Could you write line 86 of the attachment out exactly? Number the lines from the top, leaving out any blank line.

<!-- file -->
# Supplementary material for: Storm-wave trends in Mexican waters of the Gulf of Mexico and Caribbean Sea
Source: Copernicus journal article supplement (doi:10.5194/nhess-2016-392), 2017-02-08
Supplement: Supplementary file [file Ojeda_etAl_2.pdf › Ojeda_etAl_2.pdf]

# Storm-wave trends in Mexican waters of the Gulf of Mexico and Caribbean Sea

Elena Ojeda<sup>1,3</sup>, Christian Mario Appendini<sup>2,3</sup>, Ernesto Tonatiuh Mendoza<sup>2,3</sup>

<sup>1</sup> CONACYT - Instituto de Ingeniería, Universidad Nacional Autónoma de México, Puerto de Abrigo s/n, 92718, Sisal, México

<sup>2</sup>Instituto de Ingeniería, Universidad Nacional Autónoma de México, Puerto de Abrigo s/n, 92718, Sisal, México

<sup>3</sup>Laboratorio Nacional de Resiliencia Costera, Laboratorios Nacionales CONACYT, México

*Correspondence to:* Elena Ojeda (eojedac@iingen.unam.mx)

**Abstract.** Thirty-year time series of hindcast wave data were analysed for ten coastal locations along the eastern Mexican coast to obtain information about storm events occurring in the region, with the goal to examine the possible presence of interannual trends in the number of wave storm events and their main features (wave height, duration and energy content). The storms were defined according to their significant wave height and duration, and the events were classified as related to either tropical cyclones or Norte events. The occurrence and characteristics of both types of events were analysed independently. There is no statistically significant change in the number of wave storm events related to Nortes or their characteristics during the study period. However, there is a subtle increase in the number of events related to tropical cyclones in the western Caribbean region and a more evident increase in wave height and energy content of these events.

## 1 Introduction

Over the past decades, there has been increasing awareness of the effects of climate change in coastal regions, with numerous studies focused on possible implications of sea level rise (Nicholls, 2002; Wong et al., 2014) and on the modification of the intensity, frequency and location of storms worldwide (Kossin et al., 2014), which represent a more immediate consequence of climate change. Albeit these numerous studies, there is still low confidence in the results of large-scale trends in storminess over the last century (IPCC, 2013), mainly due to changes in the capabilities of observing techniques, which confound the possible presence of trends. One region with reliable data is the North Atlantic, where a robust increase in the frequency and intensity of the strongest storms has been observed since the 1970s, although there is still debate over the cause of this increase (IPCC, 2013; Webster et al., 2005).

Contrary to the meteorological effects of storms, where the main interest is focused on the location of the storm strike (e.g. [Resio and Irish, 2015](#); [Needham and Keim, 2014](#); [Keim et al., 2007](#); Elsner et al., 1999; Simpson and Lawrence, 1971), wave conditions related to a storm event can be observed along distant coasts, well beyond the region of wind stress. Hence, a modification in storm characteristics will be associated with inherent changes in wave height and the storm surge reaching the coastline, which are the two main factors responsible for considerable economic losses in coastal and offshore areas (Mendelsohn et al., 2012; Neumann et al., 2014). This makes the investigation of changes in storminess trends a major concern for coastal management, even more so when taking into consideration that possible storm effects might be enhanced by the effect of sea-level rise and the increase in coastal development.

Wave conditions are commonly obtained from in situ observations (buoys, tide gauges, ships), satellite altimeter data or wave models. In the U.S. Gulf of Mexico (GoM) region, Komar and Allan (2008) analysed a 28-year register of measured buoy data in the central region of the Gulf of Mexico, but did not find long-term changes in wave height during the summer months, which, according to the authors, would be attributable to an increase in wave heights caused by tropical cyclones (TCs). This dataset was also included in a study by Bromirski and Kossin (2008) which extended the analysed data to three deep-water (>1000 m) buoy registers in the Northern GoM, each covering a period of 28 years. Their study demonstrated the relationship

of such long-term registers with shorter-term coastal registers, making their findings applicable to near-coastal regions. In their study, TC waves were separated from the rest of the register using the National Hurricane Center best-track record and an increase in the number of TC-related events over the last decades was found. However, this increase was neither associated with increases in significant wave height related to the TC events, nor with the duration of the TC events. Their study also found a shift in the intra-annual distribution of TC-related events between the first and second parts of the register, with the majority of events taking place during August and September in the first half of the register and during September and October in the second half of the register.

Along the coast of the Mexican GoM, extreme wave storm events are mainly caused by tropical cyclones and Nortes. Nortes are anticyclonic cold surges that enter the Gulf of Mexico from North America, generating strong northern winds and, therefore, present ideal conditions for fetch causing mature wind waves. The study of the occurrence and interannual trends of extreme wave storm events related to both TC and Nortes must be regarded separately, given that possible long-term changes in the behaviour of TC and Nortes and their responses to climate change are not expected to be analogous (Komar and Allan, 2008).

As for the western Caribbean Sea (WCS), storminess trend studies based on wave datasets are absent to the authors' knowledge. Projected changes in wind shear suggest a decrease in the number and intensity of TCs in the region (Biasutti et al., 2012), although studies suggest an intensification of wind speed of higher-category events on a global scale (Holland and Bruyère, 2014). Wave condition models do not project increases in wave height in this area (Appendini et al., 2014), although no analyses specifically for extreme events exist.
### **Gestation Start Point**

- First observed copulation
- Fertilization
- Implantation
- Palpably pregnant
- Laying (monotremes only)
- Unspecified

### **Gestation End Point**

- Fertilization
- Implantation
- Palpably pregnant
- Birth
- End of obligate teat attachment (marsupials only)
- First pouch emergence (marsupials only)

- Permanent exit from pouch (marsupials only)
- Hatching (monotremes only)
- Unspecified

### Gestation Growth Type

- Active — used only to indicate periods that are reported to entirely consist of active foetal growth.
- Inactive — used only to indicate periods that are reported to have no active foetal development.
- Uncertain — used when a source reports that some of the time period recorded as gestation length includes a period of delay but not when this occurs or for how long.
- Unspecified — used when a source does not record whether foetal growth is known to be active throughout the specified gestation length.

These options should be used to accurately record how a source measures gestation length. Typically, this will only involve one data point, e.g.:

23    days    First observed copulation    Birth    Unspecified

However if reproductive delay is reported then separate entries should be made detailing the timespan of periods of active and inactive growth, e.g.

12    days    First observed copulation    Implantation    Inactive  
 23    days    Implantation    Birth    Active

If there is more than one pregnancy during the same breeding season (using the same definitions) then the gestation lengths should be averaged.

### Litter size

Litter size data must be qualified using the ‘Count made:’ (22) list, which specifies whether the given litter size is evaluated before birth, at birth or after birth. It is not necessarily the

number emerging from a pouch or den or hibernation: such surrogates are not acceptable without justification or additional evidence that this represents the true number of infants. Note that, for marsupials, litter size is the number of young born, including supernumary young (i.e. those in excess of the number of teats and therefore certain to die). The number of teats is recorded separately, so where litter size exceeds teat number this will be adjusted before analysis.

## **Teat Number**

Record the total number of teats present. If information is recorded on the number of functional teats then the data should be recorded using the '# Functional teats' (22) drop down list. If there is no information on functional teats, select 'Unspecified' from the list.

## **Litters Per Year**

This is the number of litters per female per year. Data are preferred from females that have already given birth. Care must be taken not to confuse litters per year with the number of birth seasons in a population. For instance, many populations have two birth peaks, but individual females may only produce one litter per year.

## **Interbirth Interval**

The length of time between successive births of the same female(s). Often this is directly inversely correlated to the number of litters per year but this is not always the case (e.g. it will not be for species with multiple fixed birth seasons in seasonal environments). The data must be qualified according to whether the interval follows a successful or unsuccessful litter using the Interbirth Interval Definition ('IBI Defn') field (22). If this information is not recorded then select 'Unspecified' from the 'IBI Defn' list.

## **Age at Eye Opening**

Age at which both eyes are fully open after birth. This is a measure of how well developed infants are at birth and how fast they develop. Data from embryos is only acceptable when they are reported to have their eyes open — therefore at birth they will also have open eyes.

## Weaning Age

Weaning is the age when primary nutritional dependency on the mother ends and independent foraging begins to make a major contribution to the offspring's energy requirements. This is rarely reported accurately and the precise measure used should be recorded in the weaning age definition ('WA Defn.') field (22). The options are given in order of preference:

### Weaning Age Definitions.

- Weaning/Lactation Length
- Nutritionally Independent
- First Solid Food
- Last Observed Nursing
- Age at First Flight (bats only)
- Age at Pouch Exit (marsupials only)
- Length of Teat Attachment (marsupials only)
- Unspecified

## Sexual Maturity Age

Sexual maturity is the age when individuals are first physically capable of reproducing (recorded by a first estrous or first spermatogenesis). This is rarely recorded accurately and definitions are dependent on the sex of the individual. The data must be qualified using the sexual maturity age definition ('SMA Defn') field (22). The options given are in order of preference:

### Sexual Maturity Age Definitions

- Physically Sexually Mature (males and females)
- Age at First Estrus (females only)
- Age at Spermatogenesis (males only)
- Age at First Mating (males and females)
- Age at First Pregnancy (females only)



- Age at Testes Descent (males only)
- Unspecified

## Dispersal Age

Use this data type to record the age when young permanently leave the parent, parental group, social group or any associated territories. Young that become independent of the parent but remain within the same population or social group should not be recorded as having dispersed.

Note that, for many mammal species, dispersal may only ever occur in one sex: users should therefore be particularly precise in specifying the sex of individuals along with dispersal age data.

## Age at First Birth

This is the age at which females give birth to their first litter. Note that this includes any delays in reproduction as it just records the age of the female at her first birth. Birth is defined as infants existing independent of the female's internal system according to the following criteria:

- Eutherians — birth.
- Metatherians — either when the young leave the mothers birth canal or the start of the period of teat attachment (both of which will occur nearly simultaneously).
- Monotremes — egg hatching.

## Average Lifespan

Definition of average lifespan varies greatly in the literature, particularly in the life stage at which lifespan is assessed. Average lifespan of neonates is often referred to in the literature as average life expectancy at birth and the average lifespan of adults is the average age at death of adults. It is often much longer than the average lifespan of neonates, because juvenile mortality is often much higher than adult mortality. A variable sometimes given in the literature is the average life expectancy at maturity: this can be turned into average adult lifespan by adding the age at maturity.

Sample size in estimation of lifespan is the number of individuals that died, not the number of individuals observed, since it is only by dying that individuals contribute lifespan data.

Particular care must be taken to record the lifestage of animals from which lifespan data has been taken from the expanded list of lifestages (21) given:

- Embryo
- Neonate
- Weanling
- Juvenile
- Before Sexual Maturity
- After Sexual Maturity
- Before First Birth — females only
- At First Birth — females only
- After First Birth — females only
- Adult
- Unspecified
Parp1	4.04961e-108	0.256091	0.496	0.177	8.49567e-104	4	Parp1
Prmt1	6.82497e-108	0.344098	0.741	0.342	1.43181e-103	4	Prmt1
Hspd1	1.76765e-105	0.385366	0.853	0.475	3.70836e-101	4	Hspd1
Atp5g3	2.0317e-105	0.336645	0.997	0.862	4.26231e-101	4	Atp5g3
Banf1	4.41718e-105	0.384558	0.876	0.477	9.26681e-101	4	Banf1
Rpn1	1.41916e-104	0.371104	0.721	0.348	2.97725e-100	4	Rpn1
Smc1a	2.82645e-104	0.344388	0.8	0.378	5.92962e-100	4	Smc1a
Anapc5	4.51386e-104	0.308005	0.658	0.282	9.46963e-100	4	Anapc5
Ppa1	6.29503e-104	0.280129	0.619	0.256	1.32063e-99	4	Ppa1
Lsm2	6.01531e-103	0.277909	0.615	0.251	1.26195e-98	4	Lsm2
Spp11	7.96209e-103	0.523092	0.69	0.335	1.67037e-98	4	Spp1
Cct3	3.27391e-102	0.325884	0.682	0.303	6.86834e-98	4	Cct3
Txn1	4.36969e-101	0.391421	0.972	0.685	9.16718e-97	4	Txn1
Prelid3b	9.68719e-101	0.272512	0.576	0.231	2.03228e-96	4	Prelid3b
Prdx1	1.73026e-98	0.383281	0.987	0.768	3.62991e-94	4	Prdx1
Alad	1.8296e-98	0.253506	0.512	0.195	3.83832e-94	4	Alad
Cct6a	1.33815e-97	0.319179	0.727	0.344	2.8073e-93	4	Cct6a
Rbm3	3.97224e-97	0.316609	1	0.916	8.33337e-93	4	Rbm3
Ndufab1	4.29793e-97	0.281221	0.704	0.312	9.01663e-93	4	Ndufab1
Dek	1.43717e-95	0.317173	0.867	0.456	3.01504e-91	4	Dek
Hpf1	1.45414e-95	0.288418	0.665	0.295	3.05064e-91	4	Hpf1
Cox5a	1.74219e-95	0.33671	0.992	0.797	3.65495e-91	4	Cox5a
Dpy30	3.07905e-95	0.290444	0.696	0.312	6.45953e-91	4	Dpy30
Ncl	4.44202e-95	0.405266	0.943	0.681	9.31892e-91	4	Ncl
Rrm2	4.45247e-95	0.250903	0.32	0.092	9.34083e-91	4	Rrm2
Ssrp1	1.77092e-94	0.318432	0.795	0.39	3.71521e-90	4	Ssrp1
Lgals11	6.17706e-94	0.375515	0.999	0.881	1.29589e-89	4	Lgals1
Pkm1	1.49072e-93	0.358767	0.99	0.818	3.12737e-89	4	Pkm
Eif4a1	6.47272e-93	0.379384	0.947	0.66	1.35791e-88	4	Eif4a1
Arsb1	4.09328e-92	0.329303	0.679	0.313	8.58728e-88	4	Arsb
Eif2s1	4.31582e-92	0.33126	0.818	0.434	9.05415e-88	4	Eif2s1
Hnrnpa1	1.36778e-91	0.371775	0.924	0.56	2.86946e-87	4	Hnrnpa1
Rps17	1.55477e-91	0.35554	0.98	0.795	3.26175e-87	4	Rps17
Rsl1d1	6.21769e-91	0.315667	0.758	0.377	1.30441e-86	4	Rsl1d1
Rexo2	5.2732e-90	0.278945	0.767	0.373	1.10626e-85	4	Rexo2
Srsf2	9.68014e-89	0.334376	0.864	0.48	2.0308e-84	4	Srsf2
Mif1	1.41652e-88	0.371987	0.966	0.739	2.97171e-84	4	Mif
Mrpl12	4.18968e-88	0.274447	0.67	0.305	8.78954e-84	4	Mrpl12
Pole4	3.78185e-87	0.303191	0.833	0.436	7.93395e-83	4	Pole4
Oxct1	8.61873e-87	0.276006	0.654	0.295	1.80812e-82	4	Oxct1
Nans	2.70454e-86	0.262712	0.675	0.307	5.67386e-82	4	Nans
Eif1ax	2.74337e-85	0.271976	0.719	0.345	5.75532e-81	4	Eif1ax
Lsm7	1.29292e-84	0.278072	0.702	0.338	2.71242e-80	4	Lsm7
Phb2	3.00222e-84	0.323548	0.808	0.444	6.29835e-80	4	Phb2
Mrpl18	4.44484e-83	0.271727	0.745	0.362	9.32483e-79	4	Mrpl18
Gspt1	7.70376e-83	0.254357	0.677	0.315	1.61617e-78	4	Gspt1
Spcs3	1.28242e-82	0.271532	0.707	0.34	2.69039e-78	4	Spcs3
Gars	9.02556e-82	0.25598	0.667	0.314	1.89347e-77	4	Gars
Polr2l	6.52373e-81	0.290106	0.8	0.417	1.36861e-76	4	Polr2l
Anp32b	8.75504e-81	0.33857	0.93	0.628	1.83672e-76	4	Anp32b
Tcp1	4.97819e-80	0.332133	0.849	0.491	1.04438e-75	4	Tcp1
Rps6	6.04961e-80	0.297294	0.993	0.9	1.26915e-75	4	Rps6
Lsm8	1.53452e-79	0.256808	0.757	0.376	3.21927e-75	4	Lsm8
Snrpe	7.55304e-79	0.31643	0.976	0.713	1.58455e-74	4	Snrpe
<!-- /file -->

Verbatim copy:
## Average Lifespan